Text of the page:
Anyone watch 'Hawaii Five-O'?
They're now an asian actor free series.
Opinion piece here;
CBS Made Wrong Call on Daniel Dae Kim, Grace Park ‘Hawaii Five-0’ Deals (Column)
Season 8 of “Hawaii Five-0” will return to the special task force in the Aloha State — a state where 57.4% of residents claim some Asian heritage, according to the U.S. Census — without all of its Asian regular characters. Actors Daniel Dae Kim and Grace Park, who have been integral parts of the cast since the show’s inception in 2010, will be leaving the series after contract negotiations reached an impasse. The issue, as was obliquely referenced in a Facebook post from Kim on Wednesday, was pay parity with white stars Alex O’Loughlin and Scott Caan.
The actors’ departure highlights an ongoing problem for CBS: Despite being America’s most-watched TV outlet for 14 of the past 15 years, the network cannot claim to be fully representative of the audience it serves. Last August, then-CBS Entertainment chief Glenn Geller publicly acknowledged that the network needed to address the lack of diversity in its programming, both in front of and behind the camera. “We need to do better, and we know it,” he said at the Television Critics Association summer press tour. At the time, all six of CBS’ new fall shows for the 2016-17 season were toplined by white men, and the network had no showrunners of color.
In an indication of taking the issue seriously, the network launched a diversity casting initiative a few months later, and this fall has a new drama, “SWAT,” that both stars and is co-run by African-Americans. To be sure, these are baby steps — the network still has no female leads in its new shows, and only a smattering of female executive producers — but an effort has at least been attempted.
This makes the confusion around Park and Kim even more counterintuitive. “Hawaii Five-0” was a seemingly effortless success story for the network — a show that both found an organically inclusive storyline and attracted regular viewers. (In addition to strong live ratings, “Hawaii Five-0” is a syndication moneymaker for CBS.) Kim and Park are technically supporting cast members to the leads, which explains some CBS’ hesitation in bringing them up to parity with No. 1 (McLoughlin) and No. 2 (Caan) on the call sheet. But pay bumps for long-serving actors on a successful show seems rather surmountable for a network as big as CBS. CBS by its own account said Wednesday it offered “large and significant raises” to both actors.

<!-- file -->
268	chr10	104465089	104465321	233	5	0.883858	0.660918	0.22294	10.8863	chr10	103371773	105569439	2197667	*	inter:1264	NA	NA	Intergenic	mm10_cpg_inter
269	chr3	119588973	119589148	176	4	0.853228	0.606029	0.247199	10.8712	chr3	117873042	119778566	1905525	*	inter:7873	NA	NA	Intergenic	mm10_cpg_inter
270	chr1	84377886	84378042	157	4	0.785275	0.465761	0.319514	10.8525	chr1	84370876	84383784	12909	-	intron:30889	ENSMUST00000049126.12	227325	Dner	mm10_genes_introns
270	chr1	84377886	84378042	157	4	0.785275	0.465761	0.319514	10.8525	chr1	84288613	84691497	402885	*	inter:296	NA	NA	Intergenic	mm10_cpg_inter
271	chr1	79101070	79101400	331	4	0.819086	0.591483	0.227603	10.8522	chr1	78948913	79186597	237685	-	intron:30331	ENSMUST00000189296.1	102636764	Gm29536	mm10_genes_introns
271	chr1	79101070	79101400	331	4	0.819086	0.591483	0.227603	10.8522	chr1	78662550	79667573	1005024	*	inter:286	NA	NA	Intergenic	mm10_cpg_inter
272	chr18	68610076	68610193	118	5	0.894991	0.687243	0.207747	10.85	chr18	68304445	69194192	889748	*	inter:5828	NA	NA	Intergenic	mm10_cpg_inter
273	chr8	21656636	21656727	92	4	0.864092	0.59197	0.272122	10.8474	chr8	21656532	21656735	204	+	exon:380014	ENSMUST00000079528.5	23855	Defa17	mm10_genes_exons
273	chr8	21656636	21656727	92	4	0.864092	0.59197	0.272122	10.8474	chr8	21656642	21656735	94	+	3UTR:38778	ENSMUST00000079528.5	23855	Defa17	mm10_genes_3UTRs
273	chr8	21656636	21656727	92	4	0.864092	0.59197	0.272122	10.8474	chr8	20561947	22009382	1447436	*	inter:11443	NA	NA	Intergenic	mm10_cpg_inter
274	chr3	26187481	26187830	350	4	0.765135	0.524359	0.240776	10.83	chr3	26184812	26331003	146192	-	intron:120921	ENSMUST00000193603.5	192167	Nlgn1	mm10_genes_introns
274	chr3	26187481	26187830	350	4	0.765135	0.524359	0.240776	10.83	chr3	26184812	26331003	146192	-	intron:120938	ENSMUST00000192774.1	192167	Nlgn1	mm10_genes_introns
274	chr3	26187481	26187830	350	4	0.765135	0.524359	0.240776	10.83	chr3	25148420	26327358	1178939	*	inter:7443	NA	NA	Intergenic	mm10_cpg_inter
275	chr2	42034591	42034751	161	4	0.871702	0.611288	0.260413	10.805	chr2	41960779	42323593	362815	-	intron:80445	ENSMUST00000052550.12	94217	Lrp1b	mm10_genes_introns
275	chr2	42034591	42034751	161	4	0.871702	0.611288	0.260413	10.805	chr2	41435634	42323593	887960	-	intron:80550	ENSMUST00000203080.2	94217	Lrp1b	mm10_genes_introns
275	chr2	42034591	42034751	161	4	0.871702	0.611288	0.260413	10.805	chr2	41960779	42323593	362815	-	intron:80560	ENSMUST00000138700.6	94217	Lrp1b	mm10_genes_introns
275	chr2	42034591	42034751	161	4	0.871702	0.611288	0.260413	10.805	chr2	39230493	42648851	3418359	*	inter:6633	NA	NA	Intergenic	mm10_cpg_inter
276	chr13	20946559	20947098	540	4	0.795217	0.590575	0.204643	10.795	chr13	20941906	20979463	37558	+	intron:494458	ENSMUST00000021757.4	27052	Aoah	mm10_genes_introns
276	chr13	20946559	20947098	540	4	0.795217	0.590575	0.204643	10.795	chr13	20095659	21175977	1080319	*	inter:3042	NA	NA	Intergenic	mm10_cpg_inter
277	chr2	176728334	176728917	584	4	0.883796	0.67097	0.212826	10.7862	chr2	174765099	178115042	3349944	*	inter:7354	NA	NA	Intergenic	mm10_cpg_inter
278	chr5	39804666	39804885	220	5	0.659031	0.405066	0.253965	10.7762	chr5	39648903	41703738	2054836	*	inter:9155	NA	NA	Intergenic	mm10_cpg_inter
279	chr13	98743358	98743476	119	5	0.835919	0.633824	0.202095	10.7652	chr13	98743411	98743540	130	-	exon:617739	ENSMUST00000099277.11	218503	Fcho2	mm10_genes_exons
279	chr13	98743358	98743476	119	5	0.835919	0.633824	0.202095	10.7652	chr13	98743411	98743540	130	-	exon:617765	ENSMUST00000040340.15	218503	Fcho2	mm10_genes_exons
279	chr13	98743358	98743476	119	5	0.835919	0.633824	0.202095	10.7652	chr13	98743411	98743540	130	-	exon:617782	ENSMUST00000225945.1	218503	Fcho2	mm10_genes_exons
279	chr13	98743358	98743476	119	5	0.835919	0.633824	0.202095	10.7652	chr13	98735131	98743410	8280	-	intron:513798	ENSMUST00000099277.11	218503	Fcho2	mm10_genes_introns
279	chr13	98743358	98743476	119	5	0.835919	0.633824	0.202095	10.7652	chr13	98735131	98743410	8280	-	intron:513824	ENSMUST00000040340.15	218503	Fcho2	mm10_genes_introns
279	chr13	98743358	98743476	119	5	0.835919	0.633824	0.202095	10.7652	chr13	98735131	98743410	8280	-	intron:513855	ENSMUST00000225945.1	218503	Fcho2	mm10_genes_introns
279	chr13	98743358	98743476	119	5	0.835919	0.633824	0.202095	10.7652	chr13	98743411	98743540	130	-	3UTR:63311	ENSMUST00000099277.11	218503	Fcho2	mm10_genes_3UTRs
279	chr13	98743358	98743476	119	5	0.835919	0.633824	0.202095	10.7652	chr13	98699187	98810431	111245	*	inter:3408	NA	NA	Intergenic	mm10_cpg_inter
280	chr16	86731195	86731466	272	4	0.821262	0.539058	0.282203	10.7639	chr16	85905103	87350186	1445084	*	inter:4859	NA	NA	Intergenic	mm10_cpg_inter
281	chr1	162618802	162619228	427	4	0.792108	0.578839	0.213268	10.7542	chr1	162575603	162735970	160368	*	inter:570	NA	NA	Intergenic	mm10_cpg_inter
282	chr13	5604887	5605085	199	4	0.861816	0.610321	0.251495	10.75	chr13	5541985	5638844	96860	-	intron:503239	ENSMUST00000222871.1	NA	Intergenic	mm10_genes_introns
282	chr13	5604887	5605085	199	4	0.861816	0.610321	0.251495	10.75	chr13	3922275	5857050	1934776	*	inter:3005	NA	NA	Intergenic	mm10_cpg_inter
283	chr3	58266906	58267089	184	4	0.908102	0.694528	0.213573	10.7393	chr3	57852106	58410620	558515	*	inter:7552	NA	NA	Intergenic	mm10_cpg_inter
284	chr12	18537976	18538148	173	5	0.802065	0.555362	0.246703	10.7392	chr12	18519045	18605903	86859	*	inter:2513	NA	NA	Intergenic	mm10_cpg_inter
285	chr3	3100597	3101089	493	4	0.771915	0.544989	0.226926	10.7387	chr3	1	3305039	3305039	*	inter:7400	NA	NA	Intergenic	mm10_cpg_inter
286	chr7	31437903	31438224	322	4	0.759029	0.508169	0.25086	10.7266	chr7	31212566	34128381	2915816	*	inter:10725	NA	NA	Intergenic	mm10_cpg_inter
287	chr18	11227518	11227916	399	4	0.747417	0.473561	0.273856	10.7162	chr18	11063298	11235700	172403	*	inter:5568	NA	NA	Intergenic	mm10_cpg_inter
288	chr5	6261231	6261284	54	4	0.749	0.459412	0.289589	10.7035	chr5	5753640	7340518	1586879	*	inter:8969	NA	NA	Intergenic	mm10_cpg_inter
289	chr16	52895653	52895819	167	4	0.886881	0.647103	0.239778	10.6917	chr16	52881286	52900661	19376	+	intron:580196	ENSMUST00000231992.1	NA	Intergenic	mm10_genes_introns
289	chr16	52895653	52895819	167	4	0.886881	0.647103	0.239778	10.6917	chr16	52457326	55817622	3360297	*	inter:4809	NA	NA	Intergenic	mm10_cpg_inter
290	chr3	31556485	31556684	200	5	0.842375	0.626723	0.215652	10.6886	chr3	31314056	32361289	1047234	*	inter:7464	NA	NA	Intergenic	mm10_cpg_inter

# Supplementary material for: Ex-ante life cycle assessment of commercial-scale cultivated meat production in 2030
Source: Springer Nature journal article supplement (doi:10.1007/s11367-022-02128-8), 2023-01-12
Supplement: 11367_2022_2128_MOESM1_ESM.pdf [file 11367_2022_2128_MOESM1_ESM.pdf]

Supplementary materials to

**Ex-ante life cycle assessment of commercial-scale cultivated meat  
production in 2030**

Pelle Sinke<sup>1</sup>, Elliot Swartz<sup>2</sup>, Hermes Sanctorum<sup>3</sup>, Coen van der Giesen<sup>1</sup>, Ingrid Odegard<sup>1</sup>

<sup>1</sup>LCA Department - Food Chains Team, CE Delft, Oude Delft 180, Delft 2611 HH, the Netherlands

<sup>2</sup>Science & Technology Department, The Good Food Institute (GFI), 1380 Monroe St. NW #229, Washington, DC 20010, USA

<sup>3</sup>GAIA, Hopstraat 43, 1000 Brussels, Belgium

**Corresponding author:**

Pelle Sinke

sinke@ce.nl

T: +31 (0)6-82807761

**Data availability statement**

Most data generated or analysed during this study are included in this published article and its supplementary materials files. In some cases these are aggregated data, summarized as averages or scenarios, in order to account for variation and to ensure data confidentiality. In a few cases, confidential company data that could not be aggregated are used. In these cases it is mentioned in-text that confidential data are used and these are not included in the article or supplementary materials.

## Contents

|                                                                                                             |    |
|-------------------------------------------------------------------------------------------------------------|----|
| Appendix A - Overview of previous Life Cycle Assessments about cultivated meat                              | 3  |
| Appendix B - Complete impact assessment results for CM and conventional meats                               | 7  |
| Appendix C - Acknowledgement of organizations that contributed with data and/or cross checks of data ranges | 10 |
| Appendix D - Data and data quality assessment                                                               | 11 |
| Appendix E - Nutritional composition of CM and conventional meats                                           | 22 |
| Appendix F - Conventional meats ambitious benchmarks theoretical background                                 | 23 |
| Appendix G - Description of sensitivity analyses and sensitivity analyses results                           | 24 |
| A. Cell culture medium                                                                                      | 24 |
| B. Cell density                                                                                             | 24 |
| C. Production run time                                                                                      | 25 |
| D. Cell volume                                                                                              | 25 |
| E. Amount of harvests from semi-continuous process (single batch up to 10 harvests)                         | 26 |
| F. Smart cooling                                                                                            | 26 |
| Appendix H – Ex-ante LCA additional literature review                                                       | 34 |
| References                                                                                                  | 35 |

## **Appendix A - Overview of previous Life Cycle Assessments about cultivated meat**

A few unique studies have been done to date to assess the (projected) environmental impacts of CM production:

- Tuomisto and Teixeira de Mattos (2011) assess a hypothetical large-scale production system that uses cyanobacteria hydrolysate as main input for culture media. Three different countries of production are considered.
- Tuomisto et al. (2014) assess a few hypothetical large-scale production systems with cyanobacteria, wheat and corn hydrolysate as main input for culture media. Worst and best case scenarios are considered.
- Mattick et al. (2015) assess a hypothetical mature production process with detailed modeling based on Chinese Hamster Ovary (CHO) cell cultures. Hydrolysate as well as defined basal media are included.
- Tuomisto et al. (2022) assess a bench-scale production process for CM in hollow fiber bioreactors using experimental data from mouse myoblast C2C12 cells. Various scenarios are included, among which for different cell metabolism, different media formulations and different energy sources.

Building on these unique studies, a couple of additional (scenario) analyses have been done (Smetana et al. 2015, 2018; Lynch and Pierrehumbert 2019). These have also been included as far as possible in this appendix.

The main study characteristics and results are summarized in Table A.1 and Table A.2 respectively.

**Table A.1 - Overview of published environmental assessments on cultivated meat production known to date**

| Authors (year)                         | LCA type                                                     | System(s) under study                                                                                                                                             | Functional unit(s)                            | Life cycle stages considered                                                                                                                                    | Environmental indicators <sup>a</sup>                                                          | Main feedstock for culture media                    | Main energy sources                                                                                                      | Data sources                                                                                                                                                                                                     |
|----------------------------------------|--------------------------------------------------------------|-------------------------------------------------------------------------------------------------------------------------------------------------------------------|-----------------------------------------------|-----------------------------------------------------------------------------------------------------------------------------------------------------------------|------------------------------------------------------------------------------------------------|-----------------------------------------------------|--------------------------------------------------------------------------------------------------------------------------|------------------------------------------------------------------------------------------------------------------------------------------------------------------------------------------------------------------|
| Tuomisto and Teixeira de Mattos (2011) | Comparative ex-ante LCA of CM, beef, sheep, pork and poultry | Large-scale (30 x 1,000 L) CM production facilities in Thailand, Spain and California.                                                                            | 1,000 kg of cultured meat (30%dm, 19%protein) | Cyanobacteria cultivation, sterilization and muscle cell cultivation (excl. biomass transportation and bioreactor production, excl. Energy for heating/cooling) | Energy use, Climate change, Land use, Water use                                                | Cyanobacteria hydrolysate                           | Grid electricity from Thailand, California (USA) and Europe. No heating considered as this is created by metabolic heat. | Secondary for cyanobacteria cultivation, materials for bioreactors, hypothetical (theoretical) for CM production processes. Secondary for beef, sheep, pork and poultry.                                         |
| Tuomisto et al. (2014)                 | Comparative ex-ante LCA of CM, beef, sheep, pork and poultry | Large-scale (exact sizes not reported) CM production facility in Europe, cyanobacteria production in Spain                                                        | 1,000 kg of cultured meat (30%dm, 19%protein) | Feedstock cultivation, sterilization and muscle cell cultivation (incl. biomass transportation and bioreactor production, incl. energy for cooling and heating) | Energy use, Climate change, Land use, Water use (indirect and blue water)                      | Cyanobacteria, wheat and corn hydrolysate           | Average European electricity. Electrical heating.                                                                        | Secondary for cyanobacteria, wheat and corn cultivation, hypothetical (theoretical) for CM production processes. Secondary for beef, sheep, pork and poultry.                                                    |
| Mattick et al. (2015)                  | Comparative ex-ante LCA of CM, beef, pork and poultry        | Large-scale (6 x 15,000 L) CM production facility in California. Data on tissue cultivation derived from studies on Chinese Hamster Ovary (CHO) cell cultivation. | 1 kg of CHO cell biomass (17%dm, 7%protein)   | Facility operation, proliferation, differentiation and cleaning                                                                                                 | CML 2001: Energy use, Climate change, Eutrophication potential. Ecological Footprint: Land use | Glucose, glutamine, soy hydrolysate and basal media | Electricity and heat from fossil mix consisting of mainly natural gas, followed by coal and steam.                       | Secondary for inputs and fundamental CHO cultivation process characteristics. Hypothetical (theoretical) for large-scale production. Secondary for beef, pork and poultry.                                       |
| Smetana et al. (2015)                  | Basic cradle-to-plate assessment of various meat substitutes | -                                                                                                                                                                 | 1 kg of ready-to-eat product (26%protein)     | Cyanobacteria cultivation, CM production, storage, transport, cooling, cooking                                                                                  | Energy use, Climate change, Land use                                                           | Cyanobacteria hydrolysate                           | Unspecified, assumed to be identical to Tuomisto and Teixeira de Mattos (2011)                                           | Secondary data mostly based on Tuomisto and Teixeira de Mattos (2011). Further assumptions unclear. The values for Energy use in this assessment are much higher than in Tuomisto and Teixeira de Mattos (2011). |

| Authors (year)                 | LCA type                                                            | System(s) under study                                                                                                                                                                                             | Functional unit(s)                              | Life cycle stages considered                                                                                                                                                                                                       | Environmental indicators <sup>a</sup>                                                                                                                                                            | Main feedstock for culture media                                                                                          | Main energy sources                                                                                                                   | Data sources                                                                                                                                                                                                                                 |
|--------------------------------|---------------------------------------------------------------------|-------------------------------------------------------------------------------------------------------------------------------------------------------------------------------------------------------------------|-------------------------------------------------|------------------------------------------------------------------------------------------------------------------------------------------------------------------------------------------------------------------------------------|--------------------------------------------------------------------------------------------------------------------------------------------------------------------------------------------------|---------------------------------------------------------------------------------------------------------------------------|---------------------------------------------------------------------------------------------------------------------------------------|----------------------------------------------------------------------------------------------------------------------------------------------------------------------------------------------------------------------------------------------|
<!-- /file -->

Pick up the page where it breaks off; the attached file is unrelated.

And it should be said that at least one of the reasons Kim and Park are supporting characters is because “Hawaii Five-0” is a reboot of a series that debuted in 1968 — a beloved show, but one that so centered its white actors that it engaged in yellowface casting in a manner that would be utterly unacceptable by contemporary standards. The rebooted version has had an opportunity to address, reframe, and appreciate the original — and by and large it’s succeeded in balancing nostalgia with modernity.
But all that will be a little harder to do without both of its central Asian characters. In the show’s storytelling, Chin (Kim) in particular is the Five-0’s connection to Hawaiian culture — he speaks Hawaiian and recruits his cousin Kono, played by Park, to be a part of their team. Kim has reprised his character in crossover events on other CBS shows: “NCIS: Los Angeles,” in 2012, and “MacGyver” this March, where he was joined by Park’s character Kono. Kim and Park have been consistently featured in the show’s key art, which frames the show as one led by a quartet of characters — and because Caan negotiated fewer episodes per season, he’s even on the show less frequently than Kim and Park. Kim and Park are as much the face of “Hawaii Five-0” as Caan and O’Loughlin are, even if their call sheets don’t reflect that. CBS ought to recognize that — and invest in it.
In “Hawaii Five-O,” CBS produced a diverse cast and an inclusive narrative with commercial viability. This should be its ideal scenario. But now with the exits of Kim and Park the Eye runs the risk of torpedoing its own success story. Geller said that the network knew it needed to do better. Apparently CBS is still finding it hard at times to put its money where its mouth is.
Shows survive bigger shake ups than this... I think? But is this one that they can get past?
Even if they bring in new characters to try and keep the diversity going, everyone will know where the land lies finanically.